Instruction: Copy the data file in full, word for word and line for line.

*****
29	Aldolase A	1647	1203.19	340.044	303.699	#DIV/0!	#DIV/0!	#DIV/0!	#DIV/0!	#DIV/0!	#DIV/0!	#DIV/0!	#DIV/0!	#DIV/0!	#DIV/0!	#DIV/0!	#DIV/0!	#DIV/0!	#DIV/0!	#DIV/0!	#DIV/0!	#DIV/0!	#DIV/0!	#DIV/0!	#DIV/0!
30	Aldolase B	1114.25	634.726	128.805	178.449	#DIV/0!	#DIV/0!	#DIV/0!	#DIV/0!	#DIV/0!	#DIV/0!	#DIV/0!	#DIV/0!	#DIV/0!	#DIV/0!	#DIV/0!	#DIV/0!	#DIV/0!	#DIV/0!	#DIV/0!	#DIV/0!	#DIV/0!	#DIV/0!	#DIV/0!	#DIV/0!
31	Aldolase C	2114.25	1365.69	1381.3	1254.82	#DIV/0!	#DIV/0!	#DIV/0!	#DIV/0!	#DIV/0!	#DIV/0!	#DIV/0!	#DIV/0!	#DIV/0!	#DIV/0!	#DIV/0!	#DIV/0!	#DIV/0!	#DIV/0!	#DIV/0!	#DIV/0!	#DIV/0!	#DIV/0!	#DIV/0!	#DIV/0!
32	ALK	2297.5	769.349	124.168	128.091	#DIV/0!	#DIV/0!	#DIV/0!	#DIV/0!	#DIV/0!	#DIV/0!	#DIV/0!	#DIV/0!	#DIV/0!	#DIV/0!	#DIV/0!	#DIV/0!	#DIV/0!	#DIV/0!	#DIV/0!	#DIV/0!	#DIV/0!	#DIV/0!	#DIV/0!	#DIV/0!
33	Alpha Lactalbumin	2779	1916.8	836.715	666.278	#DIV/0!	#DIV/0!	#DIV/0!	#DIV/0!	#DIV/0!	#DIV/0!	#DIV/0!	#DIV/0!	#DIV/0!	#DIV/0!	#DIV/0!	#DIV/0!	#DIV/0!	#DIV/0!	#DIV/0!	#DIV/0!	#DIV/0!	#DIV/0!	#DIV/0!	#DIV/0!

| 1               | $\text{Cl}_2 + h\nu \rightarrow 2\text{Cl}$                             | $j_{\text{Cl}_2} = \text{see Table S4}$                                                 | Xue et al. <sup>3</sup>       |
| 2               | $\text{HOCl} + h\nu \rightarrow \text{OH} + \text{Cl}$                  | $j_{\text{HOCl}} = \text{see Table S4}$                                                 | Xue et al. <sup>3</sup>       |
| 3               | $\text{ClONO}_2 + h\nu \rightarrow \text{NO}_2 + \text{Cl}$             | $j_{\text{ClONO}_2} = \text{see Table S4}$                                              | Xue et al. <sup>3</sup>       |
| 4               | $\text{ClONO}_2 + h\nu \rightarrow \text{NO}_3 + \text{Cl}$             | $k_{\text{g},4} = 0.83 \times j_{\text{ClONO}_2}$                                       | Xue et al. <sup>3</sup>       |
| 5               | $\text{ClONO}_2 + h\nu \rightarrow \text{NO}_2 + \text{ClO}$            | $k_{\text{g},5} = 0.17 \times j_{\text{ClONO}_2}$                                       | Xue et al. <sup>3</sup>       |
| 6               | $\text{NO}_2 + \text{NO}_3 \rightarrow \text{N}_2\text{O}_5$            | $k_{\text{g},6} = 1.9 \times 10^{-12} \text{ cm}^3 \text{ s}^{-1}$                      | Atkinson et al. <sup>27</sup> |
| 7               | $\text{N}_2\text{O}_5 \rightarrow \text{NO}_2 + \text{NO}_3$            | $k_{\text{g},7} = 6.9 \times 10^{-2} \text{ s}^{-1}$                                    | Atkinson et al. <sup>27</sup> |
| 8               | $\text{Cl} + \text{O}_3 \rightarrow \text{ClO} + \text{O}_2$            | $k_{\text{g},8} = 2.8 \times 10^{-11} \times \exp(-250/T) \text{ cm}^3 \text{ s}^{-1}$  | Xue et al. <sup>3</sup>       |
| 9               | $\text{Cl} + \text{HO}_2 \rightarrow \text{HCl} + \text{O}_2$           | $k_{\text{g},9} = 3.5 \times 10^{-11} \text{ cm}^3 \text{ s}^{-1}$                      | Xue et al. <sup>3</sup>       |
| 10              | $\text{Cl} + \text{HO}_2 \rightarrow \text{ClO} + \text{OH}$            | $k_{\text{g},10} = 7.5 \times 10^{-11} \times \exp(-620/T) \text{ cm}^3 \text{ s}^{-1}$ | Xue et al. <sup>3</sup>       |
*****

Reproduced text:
29	Aldolase A	1647	1203.19	340.044	303.699	#DIV/0!	#DIV/0!	#DIV/0!	#DIV/0!	#DIV/0!	#DIV/0!	#DIV/0!	#DIV/0!	#DIV/0!	#DIV/0!	#DIV/0!	#DIV/0!	#DIV/0!	#DIV/0!	#DIV/0!	#DIV/0!	#DIV/0!	#DIV/0!	#DIV/0!	#DIV/0!
30	Aldolase B	1114.25	634.726	128.805	178.449	#DIV/0!	#DIV/0!	#DIV/0!	#DIV/0!	#DIV/0!	#DIV/0!	#DIV/0!	#DIV/0!	#DIV/0!	#DIV/0!	#DIV/0!	#DIV/0!	#DIV/0!	#DIV/0!	#DIV/0!	#DIV/0!	#DIV/0!	#DIV/0!	#DIV/0!	#DIV/0!
31	Aldolase C	2114.25	1365.69	1381.3	1254.82	#DIV/0!	#DIV/0!	#DIV/0!	#DIV/0!	#DIV/0!	#DIV/0!	#DIV/0!	#DIV/0!	#DIV/0!	#DIV/0!	#DIV/0!	#DIV/0!	#DIV/0!	#DIV/0!	#DIV/0!	#DIV/0!	#DIV/0!	#DIV/0!	#DIV/0!	#DIV/0!
32	ALK	2297.5	769.349	124.168	128.091	#DIV/0!	#DIV/0!	#DIV/0!	#DIV/0!	#DIV/0!	#DIV/0!	#DIV/0!	#DIV/0!	#DIV/0!	#DIV/0!	#DIV/0!	#DIV/0!	#DIV/0!	#DIV/0!	#DIV/0!	#DIV/0!	#DIV/0!	#DIV/0!	#DIV/0!	#DIV/0!
33	Alpha Lactalbumin	2779	1916.8	836.715	666.278	#DIV/0!	#DIV/0!	#DIV/0!	#DIV/0!	#DIV/0!	#DIV/0!	#DIV/0!	#DIV/0!	#DIV/0!	#DIV/0!	#DIV/0!	#DIV/0!	#DIV/0!	#DIV/0!	#DIV/0!	#DIV/0!	#DIV/0!	#DIV/0!	#DIV/0!	#DIV/0!

| 1               | $\text{Cl}_2 + h\nu \rightarrow 2\text{Cl}$                             | $j_{\text{Cl}_2} = \text{see Table S4}$                                                 | Xue et al. <sup>3</sup>       |
| 2               | $\text{HOCl} + h\nu \rightarrow \text{OH} + \text{Cl}$                  | $j_{\text{HOCl}} = \text{see Table S4}$                                                 | Xue et al. <sup>3</sup>       |
| 3               | $\text{ClONO}_2 + h\nu \rightarrow \text{NO}_2 + \text{Cl}$             | $j_{\text{ClONO}_2} = \text{see Table S4}$                                              | Xue et al. <sup>3</sup>       |
| 4               | $\text{ClONO}_2 + h\nu \rightarrow \text{NO}_3 + \text{Cl}$             | $k_{\text{g},4} = 0.83 \times j_{\text{ClONO}_2}$                                       | Xue et al. <sup>3</sup>       |
| 5               | $\text{ClONO}_2 + h\nu \rightarrow \text{NO}_2 + \text{ClO}$            | $k_{\text{g},5} = 0.17 \times j_{\text{ClONO}_2}$                                       | Xue et al. <sup>3</sup>       |
| 6               | $\text{NO}_2 + \text{NO}_3 \rightarrow \text{N}_2\text{O}_5$            | $k_{\text{g},6} = 1.9 \times 10^{-12} \text{ cm}^3 \text{ s}^{-1}$                      | Atkinson et al. <sup>27</sup> |
| 7               | $\text{N}_2\text{O}_5 \rightarrow \text{NO}_2 + \text{NO}_3$            | $k_{\text{g},7} = 6.9 \times 10^{-2} \text{ s}^{-1}$                                    | Atkinson et al. <sup>27</sup> |
| 8               | $\text{Cl} + \text{O}_3 \rightarrow \text{ClO} + \text{O}_2$            | $k_{\text{g},8} = 2.8 \times 10^{-11} \times \exp(-250/T) \text{ cm}^3 \text{ s}^{-1}$  | Xue et al. <sup>3</sup>       |
| 9               | $\text{Cl} + \text{HO}_2 \rightarrow \text{HCl} + \text{O}_2$           | $k_{\text{g},9} = 3.5 \times 10^{-11} \text{ cm}^3 \text{ s}^{-1}$                      | Xue et al. <sup>3</sup>       |
| 10              | $\text{Cl} + \text{HO}_2 \rightarrow \text{ClO} + \text{OH}$            | $k_{\text{g},10} = 7.5 \times 10^{-11} \times \exp(-620/T) \text{ cm}^3 \text{ s}^{-1}$ | Xue et al. <sup>3</sup>       |